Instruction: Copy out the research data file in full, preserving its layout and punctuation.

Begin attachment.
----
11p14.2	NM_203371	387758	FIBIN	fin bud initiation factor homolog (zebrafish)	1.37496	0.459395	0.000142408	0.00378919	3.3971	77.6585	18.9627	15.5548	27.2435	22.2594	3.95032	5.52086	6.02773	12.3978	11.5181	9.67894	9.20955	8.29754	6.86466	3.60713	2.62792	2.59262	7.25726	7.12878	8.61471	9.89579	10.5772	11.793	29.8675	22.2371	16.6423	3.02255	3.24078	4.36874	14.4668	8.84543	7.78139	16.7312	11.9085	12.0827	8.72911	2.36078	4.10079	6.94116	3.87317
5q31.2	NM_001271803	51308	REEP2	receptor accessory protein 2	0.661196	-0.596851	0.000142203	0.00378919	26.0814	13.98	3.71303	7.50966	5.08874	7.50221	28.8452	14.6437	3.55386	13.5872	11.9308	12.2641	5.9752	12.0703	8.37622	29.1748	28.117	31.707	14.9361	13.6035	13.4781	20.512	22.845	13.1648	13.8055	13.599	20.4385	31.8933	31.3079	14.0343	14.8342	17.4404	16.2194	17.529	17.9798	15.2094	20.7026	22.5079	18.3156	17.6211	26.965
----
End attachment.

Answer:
11p14.2	NM_203371	387758	FIBIN	fin bud initiation factor homolog (zebrafish)	1.37496	0.459395	0.000142408	0.00378919	3.3971	77.6585	18.9627	15.5548	27.2435	22.2594	3.95032	5.52086	6.02773	12.3978	11.5181	9.67894	9.20955	8.29754	6.86466	3.60713	2.62792	2.59262	7.25726	7.12878	8.61471	9.89579	10.5772	11.793	29.8675	22.2371	16.6423	3.02255	3.24078	4.36874	14.4668	8.84543	7.78139	16.7312	11.9085	12.0827	8.72911	2.36078	4.10079	6.94116	3.87317
5q31.2	NM_001271803	51308	REEP2	receptor accessory protein 2	0.661196	-0.596851	0.000142203	0.00378919	26.0814	13.98	3.71303	7.50966	5.08874	7.50221	28.8452	14.6437	3.55386	13.5872	11.9308	12.2641	5.9752	12.0703	8.37622	29.1748	28.117	31.707	14.9361	13.6035	13.4781	20.512	22.845	13.1648	13.8055	13.599	20.4385	31.8933	31.3079	14.0343	14.8342	17.4404	16.2194	17.529	17.9798	15.2094	20.7026	22.5079	18.3156	17.6211	26.965